Johanna-Hypatia Cybeleia (johanna_hypatia) wrote,

Lesbian goddesses

The question was asked "Are there any lesbian goddesses?" I went and looked some up-- are there ever!

The first one who comes to mind is Artemis/Diana, a goddess who loved women, including Britomartis, Cyrene, Atalanta, and Anticleia. She loved the moon-goddess Dictynna (who is also identified with Britomartis) and the nymphs Daphne, Amethyst, Taygete, and Callisto. As Artemis Orthia, she was worshiped by both lesbian and gay devotees. As Artemis Pergaea, she was worshiped in hymns by the lesbian poet Damophyle of Pamphilia who led a circle of women loving women.

Greek mythology also includes the FTM story of Iphis and Ianthe, two women who fell in love: Iphis was transformed into a man and they got married.

Sappho invoked Aphrodite to win the love of a woman. Her Hymn to Aphrodite is the only complete poem of hers that survives. Her community of women worshiped Aphrodite and the three Graces. The goddess Aphrodite Anosia was celebrated by lesbian rites in Thessaly.

Helen was the name of a goddess worshiped at Argos and Sparta who was invoked for women's unions with women.

Pallas was the lover of Athena and even fused with her, the pair becoming known as Pallas Athena. Another nymph loved by Athena was Chariclo.

Sappho said Leto (goddess of night) and Niobe had been lovers before they became mothers. The Pleiades were associated with love between women in Sappho's poetry.


the Pleiades

In Greco-Egyptian magical texts from Alexandria, the Erinyes were invoked for lesbian love spells.

The relationship between the goddesses Baubo and Demeter can be read as lesbian, likewise Ame no Uzume and Amaterasu.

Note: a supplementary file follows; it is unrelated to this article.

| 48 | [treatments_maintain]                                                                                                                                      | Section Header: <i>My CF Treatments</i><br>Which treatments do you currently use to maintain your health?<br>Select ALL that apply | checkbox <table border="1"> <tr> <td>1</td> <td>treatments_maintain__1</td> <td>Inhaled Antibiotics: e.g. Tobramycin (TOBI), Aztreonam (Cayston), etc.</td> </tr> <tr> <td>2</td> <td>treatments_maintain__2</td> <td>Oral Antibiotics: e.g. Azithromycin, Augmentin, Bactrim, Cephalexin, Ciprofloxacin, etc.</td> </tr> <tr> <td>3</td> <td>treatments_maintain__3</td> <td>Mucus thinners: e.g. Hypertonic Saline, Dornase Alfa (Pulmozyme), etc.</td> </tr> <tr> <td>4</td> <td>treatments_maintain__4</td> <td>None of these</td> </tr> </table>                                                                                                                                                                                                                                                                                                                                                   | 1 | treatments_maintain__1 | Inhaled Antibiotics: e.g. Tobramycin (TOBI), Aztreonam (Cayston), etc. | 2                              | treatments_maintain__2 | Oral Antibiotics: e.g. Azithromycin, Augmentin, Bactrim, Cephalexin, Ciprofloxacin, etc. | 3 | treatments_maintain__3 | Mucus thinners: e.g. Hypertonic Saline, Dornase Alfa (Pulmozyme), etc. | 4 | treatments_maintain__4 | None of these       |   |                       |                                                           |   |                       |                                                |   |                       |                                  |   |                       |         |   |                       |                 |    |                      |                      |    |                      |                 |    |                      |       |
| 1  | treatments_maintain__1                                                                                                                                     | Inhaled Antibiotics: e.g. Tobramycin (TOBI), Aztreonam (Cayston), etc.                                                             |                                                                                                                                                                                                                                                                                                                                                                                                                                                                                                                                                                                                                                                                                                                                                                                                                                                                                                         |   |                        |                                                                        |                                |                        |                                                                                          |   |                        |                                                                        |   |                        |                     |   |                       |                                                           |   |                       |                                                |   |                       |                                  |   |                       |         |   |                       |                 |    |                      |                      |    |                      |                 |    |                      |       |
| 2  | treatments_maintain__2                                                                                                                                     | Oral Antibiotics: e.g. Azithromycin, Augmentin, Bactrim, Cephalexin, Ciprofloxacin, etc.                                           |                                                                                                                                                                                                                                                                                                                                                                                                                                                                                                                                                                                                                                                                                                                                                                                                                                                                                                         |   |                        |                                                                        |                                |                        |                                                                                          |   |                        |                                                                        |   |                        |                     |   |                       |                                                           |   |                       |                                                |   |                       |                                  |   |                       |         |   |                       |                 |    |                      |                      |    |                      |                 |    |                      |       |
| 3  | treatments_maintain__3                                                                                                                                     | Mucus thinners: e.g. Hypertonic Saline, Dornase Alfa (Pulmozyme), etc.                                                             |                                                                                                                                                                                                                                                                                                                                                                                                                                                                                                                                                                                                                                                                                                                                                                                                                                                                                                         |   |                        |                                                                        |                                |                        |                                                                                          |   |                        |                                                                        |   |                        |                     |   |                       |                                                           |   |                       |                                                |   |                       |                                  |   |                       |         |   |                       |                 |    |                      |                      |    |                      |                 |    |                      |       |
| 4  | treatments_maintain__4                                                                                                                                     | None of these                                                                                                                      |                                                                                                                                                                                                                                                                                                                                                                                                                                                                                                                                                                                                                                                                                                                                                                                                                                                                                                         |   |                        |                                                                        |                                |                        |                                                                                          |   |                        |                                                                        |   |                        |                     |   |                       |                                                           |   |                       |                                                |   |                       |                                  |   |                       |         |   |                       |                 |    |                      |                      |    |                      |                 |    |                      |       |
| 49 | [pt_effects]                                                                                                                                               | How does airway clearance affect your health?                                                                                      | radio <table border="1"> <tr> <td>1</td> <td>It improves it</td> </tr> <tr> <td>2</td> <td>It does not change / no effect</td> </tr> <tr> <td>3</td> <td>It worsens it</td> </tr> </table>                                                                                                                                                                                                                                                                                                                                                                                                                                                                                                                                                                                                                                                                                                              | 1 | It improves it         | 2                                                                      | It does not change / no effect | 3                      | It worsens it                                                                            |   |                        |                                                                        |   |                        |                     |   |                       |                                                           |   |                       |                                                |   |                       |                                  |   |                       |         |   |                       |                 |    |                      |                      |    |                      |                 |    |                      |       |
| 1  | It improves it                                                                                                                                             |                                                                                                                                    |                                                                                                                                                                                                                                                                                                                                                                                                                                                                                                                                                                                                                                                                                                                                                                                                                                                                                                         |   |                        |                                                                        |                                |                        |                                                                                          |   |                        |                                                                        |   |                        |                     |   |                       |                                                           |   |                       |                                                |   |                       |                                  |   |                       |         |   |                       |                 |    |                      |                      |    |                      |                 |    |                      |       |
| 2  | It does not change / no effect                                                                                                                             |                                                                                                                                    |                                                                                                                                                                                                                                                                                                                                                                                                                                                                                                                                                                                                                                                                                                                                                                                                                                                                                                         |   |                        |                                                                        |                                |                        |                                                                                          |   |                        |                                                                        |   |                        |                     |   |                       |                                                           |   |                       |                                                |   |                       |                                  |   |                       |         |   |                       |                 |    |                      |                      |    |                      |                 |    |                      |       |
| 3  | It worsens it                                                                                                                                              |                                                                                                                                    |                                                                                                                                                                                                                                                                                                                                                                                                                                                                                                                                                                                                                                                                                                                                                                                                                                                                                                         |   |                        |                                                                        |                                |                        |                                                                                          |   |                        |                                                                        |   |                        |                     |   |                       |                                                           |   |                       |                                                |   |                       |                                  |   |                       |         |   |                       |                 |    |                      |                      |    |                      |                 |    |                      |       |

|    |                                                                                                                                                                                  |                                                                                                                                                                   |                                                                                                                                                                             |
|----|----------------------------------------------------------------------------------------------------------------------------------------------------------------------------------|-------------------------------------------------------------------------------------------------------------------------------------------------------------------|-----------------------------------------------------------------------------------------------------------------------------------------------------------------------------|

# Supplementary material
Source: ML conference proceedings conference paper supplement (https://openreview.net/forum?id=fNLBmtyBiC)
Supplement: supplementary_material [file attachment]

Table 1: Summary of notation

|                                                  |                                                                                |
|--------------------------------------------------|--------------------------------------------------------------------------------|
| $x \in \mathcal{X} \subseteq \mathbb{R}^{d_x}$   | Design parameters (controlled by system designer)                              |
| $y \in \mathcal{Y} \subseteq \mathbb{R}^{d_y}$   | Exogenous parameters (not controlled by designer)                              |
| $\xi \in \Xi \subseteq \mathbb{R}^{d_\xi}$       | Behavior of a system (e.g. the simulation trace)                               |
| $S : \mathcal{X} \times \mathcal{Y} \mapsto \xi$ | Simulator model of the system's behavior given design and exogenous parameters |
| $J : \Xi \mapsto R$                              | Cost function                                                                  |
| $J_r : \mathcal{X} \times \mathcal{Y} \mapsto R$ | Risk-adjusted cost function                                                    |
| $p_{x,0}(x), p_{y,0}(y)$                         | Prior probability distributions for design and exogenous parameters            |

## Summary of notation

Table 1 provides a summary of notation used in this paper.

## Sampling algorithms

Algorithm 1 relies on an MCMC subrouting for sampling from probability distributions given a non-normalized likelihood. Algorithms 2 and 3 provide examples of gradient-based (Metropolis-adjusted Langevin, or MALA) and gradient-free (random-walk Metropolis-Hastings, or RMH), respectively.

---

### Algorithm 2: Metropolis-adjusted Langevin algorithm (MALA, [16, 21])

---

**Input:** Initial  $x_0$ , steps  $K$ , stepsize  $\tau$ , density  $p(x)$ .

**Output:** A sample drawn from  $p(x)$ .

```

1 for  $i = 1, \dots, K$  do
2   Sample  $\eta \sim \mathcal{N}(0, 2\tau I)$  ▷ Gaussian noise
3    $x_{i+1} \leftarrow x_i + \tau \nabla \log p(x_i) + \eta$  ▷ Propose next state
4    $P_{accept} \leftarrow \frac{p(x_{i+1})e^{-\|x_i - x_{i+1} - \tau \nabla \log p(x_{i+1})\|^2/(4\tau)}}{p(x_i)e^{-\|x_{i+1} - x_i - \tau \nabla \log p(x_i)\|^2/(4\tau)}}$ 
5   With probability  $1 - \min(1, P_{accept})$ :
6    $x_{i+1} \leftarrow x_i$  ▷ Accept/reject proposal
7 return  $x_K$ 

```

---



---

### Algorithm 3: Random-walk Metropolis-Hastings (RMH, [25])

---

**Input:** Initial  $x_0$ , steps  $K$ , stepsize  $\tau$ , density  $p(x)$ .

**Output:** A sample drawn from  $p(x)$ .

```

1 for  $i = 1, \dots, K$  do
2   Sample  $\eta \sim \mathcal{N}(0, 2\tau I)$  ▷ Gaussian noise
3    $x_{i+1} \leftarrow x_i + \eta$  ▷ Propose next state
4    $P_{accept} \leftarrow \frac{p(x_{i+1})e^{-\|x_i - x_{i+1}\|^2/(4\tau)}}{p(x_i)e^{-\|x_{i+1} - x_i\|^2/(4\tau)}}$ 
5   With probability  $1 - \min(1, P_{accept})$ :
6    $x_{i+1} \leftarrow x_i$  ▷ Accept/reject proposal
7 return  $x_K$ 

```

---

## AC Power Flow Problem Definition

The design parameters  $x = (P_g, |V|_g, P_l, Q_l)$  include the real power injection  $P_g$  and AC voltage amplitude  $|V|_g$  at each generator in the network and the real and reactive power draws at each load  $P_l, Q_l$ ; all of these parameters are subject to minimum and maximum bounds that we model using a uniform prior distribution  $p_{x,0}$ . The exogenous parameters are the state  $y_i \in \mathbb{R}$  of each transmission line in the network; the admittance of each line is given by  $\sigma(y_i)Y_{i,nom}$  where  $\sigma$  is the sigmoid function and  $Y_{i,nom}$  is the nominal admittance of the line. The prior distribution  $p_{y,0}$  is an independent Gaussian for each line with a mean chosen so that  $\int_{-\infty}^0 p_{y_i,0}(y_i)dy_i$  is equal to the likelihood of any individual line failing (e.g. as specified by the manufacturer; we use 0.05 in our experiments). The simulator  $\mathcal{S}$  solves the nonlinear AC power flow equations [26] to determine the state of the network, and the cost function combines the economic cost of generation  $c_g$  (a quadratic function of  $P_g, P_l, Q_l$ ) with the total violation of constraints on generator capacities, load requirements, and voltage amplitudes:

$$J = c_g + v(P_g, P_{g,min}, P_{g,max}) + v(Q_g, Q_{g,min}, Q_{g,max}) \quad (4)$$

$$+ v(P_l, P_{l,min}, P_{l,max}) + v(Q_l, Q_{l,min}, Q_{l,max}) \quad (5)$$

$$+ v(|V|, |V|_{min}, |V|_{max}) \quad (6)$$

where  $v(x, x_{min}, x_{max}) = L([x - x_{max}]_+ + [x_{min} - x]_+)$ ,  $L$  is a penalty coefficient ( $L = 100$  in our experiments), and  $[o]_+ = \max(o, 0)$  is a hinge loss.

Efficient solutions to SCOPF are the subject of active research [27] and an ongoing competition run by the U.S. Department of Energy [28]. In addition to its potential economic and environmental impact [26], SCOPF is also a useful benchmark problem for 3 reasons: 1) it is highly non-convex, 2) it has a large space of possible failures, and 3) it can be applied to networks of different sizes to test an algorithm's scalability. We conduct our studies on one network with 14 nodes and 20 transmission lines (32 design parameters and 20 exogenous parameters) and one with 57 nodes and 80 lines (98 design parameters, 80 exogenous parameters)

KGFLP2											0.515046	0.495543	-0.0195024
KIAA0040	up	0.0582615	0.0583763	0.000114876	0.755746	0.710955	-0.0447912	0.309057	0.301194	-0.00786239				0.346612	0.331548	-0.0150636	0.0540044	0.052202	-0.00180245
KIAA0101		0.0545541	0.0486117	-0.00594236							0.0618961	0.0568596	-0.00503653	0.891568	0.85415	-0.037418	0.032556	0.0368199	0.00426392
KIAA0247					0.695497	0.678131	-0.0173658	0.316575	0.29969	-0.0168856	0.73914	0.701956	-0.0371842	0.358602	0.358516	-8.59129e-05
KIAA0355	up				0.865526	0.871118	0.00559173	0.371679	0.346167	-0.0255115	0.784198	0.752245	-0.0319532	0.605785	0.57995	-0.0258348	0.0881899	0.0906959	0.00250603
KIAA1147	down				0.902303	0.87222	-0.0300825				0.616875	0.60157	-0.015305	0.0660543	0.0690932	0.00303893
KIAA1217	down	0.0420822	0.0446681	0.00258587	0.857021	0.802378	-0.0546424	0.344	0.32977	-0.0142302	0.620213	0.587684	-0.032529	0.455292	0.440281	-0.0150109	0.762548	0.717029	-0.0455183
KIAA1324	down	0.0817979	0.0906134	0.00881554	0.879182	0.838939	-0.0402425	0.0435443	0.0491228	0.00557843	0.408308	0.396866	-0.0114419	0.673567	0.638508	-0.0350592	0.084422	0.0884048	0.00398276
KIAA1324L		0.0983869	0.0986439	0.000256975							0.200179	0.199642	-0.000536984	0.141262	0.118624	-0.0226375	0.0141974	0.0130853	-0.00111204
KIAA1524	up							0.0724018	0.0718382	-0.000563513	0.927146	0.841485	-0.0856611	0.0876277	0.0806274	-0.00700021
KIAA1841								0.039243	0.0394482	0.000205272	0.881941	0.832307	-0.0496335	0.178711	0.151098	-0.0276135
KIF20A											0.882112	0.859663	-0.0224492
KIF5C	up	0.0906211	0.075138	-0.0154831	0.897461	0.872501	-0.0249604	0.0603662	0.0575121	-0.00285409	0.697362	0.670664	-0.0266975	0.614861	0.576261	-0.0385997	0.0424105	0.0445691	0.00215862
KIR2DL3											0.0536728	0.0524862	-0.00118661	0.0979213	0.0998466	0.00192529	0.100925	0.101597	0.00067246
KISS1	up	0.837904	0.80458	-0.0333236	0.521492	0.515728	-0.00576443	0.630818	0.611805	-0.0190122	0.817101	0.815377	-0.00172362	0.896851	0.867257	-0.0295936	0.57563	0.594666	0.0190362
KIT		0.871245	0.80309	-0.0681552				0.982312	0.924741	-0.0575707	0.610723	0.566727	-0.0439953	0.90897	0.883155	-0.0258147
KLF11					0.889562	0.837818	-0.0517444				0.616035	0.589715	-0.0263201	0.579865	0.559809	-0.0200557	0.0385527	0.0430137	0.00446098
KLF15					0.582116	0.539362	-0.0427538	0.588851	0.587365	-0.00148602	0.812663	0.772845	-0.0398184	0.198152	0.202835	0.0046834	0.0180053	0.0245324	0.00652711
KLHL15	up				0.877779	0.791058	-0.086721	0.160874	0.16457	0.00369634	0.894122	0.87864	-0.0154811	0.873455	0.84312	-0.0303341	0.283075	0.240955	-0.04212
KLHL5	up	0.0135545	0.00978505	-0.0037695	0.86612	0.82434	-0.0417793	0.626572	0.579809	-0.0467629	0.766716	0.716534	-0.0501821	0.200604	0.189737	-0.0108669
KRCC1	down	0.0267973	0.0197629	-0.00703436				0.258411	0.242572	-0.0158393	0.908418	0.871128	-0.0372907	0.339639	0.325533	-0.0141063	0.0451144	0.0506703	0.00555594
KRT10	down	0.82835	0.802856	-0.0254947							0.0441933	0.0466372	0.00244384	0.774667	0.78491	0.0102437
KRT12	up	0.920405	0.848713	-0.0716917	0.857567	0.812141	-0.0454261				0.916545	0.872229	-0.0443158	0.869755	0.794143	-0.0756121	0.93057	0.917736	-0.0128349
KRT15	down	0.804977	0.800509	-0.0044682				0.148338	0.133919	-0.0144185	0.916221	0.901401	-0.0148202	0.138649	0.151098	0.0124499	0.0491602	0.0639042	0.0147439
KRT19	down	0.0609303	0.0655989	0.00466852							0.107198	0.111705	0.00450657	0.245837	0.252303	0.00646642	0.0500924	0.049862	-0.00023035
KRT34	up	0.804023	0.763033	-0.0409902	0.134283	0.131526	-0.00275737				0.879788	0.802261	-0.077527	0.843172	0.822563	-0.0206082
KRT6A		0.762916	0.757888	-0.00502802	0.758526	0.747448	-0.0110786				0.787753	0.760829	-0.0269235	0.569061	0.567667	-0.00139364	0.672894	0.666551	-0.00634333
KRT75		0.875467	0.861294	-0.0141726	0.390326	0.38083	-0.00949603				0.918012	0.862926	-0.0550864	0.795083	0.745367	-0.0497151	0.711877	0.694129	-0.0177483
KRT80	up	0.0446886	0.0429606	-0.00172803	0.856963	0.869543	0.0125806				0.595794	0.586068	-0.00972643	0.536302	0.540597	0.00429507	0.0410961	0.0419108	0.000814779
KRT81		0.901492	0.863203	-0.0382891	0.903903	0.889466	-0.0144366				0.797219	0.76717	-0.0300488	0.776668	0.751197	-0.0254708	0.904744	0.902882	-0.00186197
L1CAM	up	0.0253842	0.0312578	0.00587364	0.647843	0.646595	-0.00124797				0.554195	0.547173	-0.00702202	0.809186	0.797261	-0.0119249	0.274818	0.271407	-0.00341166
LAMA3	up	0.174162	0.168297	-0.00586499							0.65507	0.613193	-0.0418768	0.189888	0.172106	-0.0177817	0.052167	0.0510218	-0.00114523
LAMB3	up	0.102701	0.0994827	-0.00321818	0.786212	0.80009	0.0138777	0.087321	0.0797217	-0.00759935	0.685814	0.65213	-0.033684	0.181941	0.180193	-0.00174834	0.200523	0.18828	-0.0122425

In Hawaiian mythology the goddesses Hi'iaka and Hopoe were same-sex lovers. Hi'iaka had other goddess lovers, Omeo and Pauo-Palae.

The Hawaiian goddess Pu'uhele had a girlfriend named Puomaiai.

The Inuit goddess Sedna at the bottom of the sea has a female companion named Qailertetang.

The goddess Aurora was worshiped by Sappho's women on Lesbos and was the patron of same-sex unions of women. Another goddess named Aotis was worshiped by Spartan women loving priestesses like Agido and Hagesichora.

The Roman goddess Bona Dea was worshiped in a special women-only ceremony which was kept secret from men. Draw your own conclusions.

How about the story of Parvati and Malini... The two female deities loved one another and together conceived and became mothers to the god Ganesha. Malini was the servant of Parvati, she rubbed her body with scented powders and oils (this is a traditional Indian method of skincare), then when it came off her skin, she loved her so much instead of throwing it away she ate it and became pregnant with Ganesha.

The Hindu fire goddess Arani has been seen in lesbian terms, since in her ritual two pieces of wood are rubbed together to make fire, and both of them are given female names.

Diane Mariechild, author of Lesbian Sacred Sexuality, does a Buddhist tantric meditation during sex to experience her lover as the goddess Tara.

In Vodun, the lwa Erzulie Dantor is a patroness of lesbians.

In Cuba, the orisha Inle or Erinle is a patroness of lesbians and trans women.

Oshun is another orisha revered by lesbians. Audre Lorde's poem "The Winds of Orisha" has the lines "the beautiful Oshun and I lie down together / in the heat of her body truth my voice becomes stronger."

The Aztec goddesses Xochiquetzal and Tlazoteotl are protectors of patlaches, women who love women. Gloria Anzaldúa revived the word patlache. Chicana lesbian Cherrie Moraga has interpreted the Aztec moon goddess Coyolxauhqui as a lesbian deity.

In Feri, the Star Goddess and other deities contain all genders and sexual polarities within Herself, so might be understood as queer in all sorts of ways.

In 1989-1990, JoAnn Loulan took a survey of almost 600 lesbians and found that their favorite Goddess was Artemis/Diana, their second favorite was Aphrodite, and third favorite was Athena.

A great reference source in which I found some of the above examples: Cassell's Encyclopedia of Queer Myth, Symbol, and Spirit: Gay, Lesbian, Bisexual, and Transgender Lore (London, 1997).
Tags: goddess, lesbian
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